<?xml version="1.0" encoding="utf-8" ?> <RunSettings> <DataCollectionRunSettings> <DataCollectors> <DataCollector friendlyName="XPlat Code Coverage"> <Configuration> <Format>opencover</Format> <ExcludeByFile>**/test/**/*.cs</ExcludeByFile> </Configuration> </DataCollector> </DataCollectors> </DataCollectionRunSettings> </RunSettings>
Run dotnet test command passing the runsettings file as settings to execute the tests and generate the test coverage:
dotnet test --settings mysettings.runsettings
The above command prints the test results and the test coverage file path to the console:
Passed! - Failed: 0, Passed: 97, Skipped: 0, Total: 97, Duration: 7 s - CHttp.Tests.dll (net8.0) Attachments: D:\repos\Http3Tools\tests\CHttp.Tests\TestResults\9e0687e7-8f5b-4673-a684-0cc969035a29\coverage.opencover.xml
The filename reflects that the generated report is indeed in opencover format. The containing folder path with file filter should be specified in the NDepend project. Re-running the analysis includes the Coverage report on the dashboard:
When selecting the Run Analysis and Build Report command in the desktop application, a set of HTML report files are generated. These reports can be viewed in a browser and hosted as static content on server.
A neat feature of these report files is that under issues tab one can navigate to the individual files to explore issues commented on the source code including the code coverage. It does not require a direct link to the source code, as these files are generated during the analysis.
A careful reader might have realized that the HMTL file reports could be generated and shared by a build machine, so that a development team can review and act-up on them for every pull-request. However, the desktop NDepend application is a .NET Framework application that cannot run on a Linux build machine. Fortunately, NDepend comes with a cross-platform console application that can be used for the purpose. After registering the build machine license with the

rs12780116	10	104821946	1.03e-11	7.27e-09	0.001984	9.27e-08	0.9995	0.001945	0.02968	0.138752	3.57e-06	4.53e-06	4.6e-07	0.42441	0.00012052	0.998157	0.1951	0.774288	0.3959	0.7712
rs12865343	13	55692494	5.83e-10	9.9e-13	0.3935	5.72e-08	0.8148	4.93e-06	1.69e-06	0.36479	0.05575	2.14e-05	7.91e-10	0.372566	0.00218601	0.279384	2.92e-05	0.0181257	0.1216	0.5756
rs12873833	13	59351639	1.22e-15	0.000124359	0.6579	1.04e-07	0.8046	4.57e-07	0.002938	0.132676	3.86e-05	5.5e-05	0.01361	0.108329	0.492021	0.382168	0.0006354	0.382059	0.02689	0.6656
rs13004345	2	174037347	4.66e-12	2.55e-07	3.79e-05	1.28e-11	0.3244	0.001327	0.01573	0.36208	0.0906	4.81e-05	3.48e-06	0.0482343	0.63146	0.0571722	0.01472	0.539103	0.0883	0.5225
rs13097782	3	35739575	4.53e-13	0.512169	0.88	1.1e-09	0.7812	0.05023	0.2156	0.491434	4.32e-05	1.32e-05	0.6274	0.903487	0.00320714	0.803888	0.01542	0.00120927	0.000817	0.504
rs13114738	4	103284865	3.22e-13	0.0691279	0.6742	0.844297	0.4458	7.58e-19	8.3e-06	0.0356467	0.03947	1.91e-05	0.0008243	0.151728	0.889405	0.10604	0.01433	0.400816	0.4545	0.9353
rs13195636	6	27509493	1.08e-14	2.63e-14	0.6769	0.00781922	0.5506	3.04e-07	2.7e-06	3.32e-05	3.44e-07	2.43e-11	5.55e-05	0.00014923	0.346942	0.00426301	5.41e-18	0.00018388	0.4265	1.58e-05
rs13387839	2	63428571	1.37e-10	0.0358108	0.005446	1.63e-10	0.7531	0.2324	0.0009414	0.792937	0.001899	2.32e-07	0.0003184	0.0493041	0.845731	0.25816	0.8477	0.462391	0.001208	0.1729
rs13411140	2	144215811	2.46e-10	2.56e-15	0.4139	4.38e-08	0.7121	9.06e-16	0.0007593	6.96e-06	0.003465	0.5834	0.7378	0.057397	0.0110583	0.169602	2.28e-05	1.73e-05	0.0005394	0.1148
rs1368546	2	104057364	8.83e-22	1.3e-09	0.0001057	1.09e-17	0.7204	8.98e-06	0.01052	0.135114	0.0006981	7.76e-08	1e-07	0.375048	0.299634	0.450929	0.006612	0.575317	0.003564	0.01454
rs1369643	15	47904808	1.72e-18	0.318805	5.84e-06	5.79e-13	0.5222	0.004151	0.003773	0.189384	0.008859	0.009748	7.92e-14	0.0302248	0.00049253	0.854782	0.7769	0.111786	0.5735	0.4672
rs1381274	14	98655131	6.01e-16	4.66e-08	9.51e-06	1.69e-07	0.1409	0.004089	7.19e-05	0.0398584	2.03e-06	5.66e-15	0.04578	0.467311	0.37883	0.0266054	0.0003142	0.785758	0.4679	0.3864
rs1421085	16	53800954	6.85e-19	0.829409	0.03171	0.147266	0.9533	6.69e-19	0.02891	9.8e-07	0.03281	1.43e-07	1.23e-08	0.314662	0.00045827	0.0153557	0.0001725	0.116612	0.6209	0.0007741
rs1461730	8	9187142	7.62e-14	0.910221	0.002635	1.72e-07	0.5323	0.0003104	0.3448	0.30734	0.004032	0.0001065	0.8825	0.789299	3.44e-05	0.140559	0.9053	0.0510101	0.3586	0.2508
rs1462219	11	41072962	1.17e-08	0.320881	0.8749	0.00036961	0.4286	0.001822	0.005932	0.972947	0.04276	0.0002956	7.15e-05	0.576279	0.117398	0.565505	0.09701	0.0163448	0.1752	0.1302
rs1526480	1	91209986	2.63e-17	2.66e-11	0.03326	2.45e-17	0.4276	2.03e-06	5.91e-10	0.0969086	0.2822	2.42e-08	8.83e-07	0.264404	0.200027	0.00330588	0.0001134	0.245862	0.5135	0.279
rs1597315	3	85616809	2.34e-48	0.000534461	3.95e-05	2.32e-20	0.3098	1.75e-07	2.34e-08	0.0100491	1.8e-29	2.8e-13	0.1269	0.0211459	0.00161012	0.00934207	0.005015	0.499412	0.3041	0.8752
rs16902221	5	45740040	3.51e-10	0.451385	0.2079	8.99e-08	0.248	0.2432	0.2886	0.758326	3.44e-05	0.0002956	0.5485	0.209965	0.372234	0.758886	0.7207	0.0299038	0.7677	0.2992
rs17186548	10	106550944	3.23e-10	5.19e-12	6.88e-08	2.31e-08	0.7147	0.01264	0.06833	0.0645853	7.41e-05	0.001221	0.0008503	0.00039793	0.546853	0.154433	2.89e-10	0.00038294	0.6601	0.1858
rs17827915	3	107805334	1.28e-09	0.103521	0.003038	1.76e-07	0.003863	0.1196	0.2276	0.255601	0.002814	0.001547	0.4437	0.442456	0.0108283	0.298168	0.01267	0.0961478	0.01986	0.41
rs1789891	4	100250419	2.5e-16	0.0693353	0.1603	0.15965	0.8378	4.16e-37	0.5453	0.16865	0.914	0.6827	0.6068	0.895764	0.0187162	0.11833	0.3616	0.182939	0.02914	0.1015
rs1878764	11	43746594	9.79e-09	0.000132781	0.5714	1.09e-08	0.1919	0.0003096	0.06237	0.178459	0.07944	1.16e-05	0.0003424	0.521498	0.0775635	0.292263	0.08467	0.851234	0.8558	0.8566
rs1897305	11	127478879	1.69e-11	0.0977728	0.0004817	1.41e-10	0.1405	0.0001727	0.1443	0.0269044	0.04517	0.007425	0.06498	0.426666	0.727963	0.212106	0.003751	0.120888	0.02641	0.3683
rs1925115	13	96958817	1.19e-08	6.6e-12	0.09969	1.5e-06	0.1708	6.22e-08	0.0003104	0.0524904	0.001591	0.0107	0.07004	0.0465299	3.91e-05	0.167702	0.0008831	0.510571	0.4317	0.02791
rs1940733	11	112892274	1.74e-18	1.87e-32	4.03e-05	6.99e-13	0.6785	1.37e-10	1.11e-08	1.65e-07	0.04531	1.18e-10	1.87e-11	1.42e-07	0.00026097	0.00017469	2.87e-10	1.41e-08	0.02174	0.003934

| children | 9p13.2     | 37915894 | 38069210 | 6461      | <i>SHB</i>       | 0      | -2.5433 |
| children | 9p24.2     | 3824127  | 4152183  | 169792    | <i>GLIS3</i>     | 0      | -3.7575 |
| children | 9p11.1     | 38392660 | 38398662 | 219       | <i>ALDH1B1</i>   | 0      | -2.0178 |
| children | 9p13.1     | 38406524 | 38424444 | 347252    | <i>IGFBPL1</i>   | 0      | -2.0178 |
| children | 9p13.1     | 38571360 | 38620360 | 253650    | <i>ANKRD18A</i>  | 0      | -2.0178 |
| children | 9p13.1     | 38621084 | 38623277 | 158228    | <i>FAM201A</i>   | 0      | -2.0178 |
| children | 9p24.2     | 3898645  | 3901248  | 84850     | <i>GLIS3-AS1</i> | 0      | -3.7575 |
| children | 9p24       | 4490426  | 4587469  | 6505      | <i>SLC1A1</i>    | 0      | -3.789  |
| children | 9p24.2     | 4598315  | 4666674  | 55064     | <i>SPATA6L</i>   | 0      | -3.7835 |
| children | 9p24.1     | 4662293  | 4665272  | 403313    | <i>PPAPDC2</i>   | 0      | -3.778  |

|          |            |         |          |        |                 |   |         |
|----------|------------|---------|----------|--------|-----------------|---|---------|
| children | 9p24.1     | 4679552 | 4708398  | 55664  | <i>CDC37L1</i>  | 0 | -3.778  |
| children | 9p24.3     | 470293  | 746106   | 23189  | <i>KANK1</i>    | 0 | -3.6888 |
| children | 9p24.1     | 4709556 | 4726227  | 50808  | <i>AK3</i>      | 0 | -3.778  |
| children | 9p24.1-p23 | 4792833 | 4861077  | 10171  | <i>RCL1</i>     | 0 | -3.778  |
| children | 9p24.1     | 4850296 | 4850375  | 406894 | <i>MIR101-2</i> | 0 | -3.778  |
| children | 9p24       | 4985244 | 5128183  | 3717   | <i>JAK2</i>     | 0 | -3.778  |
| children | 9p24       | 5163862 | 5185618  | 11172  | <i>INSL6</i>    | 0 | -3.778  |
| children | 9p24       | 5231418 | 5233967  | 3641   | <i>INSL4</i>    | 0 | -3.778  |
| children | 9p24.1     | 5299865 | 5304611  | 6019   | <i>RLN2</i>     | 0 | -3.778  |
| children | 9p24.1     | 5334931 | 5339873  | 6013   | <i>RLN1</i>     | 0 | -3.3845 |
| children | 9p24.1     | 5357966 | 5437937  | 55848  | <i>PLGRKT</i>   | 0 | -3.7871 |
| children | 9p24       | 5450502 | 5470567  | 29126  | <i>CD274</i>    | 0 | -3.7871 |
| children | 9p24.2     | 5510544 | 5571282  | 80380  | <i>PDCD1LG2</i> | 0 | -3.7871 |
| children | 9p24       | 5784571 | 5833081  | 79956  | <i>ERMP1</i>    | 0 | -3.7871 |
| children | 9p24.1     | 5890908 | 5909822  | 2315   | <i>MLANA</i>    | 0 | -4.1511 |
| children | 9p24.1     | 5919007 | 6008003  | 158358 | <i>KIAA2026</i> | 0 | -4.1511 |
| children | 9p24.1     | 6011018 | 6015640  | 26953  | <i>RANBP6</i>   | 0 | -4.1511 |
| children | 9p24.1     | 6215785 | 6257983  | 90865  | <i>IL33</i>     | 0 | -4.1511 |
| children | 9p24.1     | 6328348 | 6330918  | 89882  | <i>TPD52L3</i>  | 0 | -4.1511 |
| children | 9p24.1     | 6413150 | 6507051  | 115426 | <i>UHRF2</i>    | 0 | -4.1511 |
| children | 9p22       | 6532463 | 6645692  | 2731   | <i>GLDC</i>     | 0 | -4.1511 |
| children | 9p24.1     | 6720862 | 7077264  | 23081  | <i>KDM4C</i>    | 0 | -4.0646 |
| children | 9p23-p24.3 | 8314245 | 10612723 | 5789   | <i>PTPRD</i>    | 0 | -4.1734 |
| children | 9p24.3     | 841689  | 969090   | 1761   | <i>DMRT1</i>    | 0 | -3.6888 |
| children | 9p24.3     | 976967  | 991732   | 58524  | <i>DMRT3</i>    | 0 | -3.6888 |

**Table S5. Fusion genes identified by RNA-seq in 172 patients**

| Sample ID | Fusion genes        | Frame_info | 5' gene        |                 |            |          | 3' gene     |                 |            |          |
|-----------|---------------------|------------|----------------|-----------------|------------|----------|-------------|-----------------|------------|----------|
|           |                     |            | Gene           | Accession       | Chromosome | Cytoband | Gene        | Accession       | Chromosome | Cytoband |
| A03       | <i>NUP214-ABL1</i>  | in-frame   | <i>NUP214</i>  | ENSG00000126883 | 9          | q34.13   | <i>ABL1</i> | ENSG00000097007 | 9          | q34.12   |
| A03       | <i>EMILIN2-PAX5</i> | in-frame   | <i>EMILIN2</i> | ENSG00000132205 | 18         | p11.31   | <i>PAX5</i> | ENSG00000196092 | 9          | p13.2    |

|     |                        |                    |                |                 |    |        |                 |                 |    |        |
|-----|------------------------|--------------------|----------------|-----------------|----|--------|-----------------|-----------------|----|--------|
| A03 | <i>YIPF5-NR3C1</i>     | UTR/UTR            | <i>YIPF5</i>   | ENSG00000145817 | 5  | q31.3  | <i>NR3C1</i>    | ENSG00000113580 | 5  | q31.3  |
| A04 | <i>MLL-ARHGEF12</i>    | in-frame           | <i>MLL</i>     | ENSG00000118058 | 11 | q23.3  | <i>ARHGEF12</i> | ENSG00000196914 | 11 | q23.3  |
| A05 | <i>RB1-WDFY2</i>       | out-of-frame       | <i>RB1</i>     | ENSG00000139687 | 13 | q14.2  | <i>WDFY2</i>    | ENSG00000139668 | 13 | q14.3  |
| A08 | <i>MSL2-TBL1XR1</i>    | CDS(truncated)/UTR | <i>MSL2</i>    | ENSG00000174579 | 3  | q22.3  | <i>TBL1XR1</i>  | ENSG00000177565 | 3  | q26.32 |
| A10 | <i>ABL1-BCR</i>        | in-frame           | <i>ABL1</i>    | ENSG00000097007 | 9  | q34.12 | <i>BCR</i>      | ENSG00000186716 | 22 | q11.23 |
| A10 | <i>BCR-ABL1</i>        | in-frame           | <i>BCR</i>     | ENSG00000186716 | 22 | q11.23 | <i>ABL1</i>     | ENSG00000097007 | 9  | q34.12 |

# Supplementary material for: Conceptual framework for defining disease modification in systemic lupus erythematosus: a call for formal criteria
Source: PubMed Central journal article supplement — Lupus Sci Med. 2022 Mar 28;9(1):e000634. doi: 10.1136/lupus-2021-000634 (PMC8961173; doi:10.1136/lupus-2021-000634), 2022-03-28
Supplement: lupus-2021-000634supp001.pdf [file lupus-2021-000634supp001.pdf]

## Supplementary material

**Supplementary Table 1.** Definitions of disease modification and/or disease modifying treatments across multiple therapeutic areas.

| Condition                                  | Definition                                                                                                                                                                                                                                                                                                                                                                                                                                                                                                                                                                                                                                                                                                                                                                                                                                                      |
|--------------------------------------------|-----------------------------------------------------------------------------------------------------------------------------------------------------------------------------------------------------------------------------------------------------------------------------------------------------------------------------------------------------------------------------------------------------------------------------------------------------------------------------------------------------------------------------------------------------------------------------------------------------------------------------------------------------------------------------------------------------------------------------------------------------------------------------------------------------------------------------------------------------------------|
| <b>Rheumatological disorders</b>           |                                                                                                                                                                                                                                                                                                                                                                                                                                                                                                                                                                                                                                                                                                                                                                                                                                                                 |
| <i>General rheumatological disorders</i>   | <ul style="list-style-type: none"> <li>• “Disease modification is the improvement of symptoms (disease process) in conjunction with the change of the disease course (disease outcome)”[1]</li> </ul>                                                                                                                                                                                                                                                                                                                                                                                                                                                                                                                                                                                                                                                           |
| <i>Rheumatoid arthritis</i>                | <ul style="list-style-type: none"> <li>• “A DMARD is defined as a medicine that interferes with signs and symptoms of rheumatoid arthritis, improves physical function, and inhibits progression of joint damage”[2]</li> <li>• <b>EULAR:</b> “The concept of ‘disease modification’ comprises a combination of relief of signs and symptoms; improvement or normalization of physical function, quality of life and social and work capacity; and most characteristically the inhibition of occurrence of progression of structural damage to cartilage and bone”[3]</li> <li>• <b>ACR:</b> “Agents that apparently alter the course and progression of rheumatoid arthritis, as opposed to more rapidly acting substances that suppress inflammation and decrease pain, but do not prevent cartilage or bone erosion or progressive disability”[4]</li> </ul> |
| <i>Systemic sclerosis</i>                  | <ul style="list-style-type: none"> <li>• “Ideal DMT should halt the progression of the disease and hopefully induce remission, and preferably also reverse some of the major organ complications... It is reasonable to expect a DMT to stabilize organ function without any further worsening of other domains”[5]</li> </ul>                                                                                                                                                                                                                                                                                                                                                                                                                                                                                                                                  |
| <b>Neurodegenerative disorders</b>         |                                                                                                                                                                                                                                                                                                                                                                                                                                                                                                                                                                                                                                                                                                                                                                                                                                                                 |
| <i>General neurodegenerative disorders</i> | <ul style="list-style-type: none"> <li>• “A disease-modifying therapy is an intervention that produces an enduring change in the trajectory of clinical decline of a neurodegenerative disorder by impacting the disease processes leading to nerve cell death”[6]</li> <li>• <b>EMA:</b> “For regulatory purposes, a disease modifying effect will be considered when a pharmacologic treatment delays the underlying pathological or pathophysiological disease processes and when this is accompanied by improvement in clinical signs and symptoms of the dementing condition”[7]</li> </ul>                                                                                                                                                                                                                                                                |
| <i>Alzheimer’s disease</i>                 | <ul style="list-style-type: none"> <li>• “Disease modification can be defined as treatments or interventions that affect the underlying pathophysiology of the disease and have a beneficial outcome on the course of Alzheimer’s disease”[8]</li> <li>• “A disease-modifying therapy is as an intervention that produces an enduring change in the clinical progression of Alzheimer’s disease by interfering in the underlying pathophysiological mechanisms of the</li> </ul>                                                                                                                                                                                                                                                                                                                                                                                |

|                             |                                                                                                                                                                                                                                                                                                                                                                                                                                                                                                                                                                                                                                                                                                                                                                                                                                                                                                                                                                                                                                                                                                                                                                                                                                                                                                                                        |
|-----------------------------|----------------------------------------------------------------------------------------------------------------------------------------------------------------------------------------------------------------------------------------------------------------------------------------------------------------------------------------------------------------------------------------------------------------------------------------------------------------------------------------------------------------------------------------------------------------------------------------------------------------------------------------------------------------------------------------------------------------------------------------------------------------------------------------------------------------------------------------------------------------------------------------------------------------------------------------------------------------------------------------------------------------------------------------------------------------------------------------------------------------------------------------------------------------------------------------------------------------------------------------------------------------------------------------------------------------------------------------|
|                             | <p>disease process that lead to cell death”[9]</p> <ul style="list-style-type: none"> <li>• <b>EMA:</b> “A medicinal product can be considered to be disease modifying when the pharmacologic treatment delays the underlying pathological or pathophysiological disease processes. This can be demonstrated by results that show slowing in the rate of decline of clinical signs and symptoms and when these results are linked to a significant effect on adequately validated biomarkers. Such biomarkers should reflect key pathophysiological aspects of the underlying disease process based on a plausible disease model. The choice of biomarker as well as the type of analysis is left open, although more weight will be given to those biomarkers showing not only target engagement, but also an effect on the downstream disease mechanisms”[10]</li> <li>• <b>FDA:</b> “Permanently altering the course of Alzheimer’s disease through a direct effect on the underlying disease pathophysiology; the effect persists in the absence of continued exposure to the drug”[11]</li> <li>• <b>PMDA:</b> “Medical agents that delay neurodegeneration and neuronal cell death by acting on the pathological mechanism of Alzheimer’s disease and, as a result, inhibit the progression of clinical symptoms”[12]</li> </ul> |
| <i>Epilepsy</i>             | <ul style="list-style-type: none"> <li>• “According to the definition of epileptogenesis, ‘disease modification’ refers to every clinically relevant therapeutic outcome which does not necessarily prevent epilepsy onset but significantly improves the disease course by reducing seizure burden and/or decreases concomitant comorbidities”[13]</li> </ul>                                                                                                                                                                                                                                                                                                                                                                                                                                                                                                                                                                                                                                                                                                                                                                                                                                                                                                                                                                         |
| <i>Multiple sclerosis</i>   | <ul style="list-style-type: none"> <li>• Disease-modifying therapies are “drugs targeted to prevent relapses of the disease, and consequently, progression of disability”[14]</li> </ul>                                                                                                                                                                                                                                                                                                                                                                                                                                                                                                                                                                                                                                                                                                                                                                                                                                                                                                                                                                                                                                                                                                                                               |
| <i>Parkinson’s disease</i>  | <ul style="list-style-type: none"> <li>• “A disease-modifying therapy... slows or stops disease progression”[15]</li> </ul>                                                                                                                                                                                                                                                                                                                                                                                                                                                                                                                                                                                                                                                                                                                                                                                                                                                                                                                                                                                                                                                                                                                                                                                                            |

/RegLic switch a Continuous Integration (CI) job can be extended to invoke the console application to generate the reports for a given NDepend project:
dotnet NDepend.Console.MultiOS.dll D:\repos\Http3Tools\ndepend\NDepend.ndproj /ViewReport
The static report files can be typically served by the build agent as artifacts. There is no need for setting up and maintaining separate code quality services. Even for the long-term trend reports only a shared directory is required, which can be configured with the
/TrendStoreDir switch. The CI pipeline by default enforces the NDepend quality gates, but if the goal is only to generate the reports, the
/ForceReturnZeroExitCode switch can be used to return sucessful exit code from the CLI command.
The primary purpose of the console application seems to be providing a cross-platform way to generate reports on build machines. However, it could be also integrated with a custom VS Code build task. A developer could directly integrate it with the build process via the tasks.json file, setting up a tight development cycle similar to one provided with the Visual Studio extension.
While currently NDepend generates comprehensive reports, a nice addition could be incorporating the Roslyn Analyzer warnings. Fortunately, this is already in the backlog of the future features for the tool.